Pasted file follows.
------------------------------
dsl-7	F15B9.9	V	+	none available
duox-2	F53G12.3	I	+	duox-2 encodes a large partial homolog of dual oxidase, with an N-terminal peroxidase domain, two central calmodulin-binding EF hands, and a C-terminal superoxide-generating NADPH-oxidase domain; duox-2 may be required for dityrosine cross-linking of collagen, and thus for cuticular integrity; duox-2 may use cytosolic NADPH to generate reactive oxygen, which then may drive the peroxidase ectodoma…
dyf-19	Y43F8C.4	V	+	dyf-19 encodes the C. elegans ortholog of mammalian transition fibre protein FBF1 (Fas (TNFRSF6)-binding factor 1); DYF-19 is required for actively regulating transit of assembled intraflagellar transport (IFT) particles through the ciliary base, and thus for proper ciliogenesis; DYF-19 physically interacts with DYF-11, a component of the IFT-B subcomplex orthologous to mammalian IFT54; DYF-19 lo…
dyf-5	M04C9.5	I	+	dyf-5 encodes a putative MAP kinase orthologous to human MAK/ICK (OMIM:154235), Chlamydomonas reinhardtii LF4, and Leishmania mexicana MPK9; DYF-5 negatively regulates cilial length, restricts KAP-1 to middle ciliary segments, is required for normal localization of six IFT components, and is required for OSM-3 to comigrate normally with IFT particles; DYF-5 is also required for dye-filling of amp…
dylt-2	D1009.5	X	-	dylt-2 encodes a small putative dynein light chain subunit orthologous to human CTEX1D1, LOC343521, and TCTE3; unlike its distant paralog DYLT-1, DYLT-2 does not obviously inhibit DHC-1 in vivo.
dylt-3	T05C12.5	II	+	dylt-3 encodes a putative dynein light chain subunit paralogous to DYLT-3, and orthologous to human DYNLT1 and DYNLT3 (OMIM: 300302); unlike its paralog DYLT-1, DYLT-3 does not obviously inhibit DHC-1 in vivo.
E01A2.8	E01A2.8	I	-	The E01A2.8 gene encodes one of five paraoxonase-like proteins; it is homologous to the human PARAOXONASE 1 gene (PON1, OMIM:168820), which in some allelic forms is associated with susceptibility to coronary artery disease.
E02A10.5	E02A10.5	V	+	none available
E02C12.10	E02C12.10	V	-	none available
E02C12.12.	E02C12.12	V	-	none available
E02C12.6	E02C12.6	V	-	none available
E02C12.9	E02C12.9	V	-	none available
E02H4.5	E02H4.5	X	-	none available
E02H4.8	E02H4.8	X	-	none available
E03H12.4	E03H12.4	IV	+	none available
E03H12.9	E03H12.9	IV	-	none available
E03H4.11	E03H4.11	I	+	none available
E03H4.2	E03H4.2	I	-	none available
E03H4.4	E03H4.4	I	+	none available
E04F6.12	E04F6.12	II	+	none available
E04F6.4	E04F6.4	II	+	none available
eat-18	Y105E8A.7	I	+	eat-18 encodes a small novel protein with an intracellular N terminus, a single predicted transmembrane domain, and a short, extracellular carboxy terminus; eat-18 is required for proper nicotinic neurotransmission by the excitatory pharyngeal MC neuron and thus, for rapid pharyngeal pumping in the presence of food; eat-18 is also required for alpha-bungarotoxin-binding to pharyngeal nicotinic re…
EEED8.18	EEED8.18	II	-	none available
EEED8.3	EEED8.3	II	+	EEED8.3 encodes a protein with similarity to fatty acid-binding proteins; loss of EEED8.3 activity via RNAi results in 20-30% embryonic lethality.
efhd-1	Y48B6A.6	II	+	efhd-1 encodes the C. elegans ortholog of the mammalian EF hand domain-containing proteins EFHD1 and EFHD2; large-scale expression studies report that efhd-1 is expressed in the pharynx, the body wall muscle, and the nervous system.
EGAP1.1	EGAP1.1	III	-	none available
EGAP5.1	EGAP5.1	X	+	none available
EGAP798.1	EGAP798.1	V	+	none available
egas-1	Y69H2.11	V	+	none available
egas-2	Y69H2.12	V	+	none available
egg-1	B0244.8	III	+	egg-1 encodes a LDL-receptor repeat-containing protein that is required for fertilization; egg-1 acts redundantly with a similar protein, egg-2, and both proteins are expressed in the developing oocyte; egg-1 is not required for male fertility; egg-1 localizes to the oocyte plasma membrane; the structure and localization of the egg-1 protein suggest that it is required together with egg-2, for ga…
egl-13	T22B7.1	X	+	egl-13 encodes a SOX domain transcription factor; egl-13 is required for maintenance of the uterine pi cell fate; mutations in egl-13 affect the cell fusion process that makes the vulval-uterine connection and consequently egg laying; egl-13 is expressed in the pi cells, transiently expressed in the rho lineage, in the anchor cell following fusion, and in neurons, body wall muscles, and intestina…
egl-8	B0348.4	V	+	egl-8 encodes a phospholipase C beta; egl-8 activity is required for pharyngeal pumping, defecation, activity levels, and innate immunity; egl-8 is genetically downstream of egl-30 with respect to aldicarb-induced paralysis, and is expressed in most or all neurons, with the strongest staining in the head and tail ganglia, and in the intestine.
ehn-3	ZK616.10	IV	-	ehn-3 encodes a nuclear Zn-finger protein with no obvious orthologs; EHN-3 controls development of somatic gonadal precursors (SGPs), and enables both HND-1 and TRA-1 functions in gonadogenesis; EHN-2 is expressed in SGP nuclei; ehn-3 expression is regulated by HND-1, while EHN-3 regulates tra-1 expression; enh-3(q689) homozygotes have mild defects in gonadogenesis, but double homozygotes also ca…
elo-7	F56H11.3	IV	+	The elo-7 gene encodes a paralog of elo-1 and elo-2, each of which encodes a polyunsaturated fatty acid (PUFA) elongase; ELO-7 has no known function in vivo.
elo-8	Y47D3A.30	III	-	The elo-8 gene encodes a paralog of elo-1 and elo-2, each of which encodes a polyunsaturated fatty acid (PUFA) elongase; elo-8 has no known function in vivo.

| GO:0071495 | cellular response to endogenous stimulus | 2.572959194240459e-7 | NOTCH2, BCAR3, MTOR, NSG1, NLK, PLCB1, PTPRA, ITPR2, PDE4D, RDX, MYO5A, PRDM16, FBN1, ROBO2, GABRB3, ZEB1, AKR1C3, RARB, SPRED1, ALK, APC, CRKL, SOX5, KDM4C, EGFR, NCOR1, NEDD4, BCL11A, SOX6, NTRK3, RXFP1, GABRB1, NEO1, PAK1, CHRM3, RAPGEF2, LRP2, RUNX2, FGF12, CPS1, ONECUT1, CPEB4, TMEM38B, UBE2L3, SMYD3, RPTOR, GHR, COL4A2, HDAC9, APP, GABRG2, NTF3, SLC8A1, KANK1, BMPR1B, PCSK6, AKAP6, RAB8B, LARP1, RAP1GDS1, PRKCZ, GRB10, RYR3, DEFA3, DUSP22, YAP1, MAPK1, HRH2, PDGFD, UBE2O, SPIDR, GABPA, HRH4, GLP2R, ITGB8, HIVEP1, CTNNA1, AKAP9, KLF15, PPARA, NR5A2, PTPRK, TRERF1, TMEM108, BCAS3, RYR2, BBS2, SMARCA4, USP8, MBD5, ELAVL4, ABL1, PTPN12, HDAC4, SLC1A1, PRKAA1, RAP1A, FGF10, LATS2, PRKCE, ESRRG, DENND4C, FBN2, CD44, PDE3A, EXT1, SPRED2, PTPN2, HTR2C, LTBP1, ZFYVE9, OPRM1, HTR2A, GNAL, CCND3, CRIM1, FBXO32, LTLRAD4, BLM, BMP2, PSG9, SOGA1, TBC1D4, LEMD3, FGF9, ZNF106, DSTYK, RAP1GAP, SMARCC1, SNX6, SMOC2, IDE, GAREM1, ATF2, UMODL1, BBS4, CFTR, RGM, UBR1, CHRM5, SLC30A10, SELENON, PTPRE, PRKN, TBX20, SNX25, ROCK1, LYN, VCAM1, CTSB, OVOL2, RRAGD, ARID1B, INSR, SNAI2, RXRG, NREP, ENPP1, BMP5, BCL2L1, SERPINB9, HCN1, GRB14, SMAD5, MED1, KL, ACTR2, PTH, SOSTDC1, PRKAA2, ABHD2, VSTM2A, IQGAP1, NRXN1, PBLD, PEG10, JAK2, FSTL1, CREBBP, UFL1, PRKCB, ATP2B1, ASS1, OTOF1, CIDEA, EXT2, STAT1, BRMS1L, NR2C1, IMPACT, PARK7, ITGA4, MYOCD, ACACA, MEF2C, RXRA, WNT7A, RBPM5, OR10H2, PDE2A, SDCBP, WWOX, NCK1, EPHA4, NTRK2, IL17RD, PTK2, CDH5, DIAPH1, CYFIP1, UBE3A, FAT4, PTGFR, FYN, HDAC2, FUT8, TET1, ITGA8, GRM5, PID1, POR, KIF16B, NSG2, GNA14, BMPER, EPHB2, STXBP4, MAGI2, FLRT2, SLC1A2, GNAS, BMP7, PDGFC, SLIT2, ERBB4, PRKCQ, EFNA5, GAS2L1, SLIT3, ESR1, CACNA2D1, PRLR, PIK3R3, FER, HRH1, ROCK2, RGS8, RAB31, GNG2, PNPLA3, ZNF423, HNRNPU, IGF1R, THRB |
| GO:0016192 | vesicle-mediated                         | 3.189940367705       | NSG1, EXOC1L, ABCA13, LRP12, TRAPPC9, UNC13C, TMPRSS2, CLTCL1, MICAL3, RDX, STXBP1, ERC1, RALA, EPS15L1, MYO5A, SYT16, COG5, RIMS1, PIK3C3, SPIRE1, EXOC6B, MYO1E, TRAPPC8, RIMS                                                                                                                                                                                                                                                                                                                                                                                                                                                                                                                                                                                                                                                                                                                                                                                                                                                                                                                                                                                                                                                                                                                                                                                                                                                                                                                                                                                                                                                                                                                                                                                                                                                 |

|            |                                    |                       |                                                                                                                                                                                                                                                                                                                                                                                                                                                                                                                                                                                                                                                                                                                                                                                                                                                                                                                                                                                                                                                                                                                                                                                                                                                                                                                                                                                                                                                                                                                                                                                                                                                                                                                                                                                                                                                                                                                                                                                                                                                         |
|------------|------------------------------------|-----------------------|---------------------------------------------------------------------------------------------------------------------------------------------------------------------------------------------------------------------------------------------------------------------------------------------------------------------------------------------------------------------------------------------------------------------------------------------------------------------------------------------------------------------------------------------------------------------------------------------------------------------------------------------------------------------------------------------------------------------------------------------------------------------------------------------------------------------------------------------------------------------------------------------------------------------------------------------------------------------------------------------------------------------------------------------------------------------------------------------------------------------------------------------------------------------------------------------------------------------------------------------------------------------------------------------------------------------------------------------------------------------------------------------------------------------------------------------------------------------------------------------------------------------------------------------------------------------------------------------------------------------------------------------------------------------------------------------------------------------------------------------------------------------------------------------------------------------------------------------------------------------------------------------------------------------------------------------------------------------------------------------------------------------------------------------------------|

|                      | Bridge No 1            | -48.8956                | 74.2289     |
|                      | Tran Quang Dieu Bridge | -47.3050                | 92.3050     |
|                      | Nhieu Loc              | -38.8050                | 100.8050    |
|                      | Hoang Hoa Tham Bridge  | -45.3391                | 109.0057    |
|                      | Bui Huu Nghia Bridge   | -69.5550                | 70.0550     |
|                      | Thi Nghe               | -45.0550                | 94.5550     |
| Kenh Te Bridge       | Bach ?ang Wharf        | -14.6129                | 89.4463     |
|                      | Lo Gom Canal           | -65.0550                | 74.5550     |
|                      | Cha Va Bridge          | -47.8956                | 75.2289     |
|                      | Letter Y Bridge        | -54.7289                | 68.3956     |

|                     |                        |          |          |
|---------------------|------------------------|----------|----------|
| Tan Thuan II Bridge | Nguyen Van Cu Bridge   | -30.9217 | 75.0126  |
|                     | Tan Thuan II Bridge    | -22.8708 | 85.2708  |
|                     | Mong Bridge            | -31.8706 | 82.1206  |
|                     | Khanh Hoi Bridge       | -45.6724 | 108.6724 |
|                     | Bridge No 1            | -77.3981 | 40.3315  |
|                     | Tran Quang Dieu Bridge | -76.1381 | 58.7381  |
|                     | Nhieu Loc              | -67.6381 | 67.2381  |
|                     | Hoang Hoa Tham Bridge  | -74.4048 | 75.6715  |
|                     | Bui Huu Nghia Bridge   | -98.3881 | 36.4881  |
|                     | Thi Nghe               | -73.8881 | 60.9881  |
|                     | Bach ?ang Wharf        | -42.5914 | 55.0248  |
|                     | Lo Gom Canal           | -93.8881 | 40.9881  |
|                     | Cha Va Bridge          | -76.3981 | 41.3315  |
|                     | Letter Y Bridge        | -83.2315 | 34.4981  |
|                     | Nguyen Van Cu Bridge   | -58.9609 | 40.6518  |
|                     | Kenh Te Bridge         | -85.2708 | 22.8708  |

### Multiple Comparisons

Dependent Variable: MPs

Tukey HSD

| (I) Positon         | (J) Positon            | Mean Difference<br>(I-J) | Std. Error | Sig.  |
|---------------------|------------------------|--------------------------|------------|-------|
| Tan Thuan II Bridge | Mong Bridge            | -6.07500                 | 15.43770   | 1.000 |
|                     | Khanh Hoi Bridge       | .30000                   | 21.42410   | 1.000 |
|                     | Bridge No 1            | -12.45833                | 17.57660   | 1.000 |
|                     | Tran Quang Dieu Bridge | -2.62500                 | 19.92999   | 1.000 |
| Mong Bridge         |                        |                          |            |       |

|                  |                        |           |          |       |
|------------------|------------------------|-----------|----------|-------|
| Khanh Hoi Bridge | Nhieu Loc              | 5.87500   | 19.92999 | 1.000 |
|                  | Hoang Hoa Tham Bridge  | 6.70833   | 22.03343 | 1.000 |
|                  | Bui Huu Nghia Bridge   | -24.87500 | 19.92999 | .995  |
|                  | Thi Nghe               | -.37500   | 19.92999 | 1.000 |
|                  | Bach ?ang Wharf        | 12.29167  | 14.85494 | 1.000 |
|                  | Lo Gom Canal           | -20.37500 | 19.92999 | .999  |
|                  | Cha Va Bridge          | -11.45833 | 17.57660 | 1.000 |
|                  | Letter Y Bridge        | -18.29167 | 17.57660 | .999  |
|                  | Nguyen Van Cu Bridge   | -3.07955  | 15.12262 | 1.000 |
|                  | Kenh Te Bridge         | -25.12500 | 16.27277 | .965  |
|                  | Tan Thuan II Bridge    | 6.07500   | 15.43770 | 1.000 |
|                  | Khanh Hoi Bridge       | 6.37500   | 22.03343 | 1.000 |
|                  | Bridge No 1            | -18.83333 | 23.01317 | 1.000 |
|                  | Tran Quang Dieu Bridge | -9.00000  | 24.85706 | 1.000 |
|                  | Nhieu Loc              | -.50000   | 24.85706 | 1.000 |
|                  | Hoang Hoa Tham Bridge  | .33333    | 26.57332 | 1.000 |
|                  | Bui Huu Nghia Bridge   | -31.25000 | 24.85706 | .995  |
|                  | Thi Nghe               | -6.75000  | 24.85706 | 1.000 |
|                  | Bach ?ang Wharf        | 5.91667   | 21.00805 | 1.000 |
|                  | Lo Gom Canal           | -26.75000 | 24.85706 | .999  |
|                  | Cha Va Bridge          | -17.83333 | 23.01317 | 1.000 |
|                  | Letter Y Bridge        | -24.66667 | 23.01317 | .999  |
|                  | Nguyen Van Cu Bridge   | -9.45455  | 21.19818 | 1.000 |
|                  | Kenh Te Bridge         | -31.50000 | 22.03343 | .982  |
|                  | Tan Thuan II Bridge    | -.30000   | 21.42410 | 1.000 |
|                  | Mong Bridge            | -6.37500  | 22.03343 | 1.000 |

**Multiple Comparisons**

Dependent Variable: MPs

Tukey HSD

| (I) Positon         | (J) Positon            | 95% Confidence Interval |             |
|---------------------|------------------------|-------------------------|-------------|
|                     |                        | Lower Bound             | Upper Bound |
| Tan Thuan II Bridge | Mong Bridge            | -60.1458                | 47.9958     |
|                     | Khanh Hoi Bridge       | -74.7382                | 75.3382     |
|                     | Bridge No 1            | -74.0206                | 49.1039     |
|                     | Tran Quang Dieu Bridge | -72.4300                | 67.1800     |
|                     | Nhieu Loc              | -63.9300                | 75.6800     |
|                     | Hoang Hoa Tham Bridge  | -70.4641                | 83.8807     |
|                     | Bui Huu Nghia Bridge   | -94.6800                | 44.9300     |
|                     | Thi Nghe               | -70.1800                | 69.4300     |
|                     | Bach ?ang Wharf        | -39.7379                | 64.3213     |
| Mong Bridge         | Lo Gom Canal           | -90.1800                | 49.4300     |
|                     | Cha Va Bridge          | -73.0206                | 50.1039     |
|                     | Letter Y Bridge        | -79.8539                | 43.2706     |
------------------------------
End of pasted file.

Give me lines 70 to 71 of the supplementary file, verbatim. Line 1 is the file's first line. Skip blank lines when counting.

Dependent Variable: MPs

Tukey HSD